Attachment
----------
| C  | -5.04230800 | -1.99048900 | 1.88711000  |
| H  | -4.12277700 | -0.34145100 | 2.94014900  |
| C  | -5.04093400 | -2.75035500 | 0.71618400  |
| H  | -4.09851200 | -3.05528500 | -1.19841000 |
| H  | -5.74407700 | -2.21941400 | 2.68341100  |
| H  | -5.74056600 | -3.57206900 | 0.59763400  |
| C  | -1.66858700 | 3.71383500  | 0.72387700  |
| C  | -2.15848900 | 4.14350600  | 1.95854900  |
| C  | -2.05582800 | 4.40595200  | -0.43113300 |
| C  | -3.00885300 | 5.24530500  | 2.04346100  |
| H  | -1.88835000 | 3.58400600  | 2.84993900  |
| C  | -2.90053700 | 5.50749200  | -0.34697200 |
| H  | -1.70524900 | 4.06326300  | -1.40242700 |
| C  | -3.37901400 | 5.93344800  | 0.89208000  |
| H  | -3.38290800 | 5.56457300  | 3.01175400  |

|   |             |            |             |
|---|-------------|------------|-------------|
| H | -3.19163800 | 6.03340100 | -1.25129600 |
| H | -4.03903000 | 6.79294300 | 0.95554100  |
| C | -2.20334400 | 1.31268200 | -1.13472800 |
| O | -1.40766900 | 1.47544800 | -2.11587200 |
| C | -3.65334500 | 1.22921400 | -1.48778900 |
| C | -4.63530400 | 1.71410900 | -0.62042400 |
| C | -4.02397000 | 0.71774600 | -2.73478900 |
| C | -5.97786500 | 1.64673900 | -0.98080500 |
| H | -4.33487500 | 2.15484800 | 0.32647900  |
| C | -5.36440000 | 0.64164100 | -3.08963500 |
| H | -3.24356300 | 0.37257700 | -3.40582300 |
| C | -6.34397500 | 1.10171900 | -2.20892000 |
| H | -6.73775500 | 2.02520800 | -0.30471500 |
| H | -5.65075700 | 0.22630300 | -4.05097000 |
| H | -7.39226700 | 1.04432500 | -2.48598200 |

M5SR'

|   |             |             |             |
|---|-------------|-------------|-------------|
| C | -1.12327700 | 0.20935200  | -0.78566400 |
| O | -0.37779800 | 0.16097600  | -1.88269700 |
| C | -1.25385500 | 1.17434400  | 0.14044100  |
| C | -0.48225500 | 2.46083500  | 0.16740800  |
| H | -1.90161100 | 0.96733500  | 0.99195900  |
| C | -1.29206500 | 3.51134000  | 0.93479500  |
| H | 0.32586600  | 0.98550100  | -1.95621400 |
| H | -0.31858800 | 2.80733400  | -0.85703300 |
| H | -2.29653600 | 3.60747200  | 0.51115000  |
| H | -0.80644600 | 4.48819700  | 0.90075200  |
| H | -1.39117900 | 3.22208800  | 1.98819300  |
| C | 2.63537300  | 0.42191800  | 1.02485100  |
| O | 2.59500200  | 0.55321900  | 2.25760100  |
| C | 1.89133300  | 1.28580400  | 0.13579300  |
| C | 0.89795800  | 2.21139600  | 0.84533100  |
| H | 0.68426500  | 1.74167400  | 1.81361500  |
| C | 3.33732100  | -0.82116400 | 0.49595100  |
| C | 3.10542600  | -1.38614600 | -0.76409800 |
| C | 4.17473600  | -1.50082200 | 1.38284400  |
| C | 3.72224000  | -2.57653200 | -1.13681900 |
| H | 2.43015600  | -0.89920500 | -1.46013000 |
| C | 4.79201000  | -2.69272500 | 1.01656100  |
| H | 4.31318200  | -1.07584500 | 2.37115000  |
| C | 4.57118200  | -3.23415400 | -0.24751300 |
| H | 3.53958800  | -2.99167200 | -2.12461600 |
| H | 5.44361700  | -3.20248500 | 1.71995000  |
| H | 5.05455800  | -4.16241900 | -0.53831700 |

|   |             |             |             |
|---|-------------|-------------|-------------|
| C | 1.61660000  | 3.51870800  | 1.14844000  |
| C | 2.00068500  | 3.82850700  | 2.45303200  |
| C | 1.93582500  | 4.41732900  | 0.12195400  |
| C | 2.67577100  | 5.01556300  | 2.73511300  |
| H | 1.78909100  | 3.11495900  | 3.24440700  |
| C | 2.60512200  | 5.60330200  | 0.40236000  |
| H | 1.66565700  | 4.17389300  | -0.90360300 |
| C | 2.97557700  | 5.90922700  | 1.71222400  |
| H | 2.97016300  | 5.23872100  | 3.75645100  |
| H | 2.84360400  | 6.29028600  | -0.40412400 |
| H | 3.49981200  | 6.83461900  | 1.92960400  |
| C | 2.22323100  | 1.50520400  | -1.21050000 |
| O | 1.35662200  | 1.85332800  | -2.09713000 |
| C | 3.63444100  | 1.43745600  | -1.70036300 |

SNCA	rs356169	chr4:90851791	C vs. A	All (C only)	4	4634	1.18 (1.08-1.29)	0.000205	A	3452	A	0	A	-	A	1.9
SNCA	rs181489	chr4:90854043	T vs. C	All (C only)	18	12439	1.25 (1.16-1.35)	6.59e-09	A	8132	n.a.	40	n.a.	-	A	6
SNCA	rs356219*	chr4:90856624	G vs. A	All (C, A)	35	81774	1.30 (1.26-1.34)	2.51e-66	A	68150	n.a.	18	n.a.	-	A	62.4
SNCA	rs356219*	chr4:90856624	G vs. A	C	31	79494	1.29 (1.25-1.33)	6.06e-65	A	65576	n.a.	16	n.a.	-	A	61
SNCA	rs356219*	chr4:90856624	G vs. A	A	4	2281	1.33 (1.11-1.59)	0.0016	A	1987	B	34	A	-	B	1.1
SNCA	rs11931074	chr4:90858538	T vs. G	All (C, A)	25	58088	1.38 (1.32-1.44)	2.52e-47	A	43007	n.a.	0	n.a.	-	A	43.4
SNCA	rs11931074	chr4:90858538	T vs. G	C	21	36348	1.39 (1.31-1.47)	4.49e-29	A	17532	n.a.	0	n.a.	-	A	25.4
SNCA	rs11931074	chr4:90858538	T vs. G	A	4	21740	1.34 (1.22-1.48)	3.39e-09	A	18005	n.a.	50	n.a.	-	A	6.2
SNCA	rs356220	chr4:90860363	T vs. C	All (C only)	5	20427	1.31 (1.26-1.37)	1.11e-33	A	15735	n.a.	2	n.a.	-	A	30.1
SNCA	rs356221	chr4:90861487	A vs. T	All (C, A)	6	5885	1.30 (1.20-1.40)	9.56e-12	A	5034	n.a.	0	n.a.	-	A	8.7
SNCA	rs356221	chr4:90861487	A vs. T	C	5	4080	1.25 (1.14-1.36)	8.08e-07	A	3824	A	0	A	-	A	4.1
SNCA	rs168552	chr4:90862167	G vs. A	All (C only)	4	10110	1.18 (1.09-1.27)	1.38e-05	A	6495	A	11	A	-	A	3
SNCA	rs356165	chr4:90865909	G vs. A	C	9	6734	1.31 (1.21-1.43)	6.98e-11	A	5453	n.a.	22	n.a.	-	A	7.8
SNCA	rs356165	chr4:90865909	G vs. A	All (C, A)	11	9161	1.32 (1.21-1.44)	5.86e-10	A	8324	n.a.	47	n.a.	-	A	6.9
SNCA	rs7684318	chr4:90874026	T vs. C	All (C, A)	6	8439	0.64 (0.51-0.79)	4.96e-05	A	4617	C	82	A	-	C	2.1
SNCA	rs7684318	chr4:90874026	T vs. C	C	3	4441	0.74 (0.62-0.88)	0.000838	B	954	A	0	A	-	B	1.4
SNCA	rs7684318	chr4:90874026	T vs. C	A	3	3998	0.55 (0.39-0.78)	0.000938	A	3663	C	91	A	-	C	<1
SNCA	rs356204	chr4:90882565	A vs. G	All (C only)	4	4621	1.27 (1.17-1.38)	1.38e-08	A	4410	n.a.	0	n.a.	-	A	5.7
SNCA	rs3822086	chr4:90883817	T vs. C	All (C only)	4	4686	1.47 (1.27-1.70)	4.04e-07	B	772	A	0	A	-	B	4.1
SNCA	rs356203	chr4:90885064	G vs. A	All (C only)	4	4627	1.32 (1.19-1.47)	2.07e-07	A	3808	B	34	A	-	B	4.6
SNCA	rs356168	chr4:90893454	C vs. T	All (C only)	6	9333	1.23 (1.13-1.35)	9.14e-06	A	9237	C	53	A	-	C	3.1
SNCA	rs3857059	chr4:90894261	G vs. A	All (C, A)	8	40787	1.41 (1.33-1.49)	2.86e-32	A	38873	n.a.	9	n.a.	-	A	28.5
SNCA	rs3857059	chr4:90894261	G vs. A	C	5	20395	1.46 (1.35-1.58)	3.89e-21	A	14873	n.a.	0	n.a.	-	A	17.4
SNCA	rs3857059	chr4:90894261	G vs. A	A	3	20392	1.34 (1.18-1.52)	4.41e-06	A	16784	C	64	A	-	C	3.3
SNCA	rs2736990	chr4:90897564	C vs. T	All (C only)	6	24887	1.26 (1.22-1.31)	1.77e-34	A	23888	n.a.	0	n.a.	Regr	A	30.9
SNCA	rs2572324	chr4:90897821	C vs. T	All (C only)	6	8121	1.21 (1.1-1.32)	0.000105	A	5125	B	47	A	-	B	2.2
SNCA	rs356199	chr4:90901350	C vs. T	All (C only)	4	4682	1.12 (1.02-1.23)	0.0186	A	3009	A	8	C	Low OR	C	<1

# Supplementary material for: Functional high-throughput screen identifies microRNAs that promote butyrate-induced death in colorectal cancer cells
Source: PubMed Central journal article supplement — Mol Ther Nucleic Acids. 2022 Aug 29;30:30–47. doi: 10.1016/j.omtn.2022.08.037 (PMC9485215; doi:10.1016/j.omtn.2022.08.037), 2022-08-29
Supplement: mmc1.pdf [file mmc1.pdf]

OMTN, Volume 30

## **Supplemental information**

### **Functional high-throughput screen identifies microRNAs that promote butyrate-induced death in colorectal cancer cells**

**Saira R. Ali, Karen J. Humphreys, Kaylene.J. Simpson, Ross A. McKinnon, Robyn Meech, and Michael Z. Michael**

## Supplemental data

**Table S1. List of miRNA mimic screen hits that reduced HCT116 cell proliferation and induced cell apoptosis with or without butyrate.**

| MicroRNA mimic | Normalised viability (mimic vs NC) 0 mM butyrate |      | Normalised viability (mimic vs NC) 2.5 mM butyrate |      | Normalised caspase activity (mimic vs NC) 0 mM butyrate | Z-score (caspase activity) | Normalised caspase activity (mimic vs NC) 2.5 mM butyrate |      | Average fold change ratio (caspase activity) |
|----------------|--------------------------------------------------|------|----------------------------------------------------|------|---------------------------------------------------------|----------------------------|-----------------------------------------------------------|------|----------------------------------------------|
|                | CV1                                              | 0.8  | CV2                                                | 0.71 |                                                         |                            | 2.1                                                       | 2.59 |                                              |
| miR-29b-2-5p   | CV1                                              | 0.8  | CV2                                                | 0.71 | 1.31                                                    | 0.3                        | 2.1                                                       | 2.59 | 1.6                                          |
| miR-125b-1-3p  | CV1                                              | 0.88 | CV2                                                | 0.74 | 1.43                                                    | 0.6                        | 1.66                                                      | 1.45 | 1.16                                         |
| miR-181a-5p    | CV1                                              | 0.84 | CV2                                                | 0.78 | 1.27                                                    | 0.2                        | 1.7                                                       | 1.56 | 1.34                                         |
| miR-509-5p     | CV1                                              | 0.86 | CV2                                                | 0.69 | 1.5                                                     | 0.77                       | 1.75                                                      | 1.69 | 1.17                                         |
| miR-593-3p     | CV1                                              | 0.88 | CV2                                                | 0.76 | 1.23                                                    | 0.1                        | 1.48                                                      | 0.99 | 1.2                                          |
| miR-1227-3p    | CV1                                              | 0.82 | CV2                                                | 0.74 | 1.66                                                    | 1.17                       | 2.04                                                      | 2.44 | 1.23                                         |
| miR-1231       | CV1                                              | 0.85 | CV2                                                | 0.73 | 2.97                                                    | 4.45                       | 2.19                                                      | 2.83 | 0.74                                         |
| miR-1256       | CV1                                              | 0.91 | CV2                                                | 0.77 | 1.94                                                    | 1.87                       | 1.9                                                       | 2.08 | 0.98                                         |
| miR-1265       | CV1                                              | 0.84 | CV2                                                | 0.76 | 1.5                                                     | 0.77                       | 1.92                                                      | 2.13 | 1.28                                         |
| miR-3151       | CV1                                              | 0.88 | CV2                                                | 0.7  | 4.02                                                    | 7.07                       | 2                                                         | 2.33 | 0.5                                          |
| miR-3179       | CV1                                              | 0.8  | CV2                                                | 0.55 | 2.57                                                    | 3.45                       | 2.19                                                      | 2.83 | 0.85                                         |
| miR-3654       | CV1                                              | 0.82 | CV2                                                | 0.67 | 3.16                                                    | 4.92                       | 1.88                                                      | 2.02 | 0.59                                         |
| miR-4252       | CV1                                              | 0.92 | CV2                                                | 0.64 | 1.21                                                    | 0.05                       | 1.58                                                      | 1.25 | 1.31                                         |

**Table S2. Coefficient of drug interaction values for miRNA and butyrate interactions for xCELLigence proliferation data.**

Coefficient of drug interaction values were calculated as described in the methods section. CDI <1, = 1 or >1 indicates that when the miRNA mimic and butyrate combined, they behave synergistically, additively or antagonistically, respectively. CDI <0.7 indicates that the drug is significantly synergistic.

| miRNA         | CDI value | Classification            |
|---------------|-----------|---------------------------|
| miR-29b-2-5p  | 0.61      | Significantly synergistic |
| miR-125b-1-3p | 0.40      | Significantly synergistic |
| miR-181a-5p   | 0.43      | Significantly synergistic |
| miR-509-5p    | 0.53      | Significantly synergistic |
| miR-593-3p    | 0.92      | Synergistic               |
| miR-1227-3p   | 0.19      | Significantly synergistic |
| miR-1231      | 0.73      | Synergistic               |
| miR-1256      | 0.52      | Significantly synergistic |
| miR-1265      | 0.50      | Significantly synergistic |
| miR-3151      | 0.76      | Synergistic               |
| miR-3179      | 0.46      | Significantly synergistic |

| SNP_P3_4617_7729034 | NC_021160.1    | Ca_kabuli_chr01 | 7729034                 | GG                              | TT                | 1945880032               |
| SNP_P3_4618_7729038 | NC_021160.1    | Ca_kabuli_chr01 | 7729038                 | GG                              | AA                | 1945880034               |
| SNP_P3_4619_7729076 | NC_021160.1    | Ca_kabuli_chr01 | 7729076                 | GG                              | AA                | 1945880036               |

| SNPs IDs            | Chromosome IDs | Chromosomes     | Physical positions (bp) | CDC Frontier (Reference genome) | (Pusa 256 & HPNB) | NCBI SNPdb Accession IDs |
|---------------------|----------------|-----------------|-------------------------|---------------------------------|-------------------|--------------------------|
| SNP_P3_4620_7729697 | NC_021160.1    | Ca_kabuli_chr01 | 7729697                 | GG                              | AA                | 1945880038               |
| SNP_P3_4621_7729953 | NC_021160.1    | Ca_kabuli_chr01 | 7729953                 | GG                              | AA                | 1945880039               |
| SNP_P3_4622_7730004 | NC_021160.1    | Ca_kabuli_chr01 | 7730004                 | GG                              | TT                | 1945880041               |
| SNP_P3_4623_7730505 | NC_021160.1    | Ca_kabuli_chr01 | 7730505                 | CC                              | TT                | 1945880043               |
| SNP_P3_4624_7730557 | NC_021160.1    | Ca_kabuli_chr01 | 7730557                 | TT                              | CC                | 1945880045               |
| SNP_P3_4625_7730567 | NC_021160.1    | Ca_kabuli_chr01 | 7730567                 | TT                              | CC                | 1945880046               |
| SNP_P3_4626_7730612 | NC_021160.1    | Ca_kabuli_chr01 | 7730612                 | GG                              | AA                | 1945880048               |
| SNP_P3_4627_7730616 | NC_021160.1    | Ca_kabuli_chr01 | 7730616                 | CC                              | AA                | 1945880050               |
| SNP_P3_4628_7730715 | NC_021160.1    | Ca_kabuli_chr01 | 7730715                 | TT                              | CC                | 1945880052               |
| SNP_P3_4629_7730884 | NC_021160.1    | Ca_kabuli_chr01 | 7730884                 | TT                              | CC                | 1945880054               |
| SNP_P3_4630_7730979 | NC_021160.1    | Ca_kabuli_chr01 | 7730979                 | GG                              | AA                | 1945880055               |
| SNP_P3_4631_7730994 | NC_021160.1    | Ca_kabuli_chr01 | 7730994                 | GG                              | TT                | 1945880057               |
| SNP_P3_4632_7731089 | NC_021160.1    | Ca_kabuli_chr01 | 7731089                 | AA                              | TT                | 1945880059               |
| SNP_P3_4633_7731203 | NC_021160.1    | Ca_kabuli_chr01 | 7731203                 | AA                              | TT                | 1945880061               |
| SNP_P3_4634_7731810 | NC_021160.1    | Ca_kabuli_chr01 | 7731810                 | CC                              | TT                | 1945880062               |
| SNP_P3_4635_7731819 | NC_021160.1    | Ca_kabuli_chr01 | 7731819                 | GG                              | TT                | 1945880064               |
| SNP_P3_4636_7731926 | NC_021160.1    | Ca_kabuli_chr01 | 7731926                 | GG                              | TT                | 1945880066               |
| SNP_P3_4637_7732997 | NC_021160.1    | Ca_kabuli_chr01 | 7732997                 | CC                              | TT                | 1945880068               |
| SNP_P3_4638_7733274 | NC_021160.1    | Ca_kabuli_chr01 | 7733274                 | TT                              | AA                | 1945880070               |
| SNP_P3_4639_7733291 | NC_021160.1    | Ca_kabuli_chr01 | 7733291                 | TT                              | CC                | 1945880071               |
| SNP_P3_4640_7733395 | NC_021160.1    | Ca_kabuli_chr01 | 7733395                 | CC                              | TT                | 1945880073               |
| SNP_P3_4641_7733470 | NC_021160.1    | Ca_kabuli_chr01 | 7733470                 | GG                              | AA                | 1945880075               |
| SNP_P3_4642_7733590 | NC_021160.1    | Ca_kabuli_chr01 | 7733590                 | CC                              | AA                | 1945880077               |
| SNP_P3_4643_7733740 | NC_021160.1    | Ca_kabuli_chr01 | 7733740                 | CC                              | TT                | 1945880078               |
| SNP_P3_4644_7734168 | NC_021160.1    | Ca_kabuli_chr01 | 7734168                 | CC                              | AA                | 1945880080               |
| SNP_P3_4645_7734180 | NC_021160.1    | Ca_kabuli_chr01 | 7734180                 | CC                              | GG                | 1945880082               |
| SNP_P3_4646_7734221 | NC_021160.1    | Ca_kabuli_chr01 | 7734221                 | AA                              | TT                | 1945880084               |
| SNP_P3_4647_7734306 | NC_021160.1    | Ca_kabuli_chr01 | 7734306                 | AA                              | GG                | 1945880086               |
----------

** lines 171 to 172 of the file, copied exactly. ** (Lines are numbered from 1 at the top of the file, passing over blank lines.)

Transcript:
| SNP_P3_4640_7733395 | NC_021160.1    | Ca_kabuli_chr01 | 7733395                 | CC                              | TT                | 1945880073               |
| SNP_P3_4641_7733470 | NC_021160.1    | Ca_kabuli_chr01 | 7733470                 | GG                              | AA                | 1945880075               |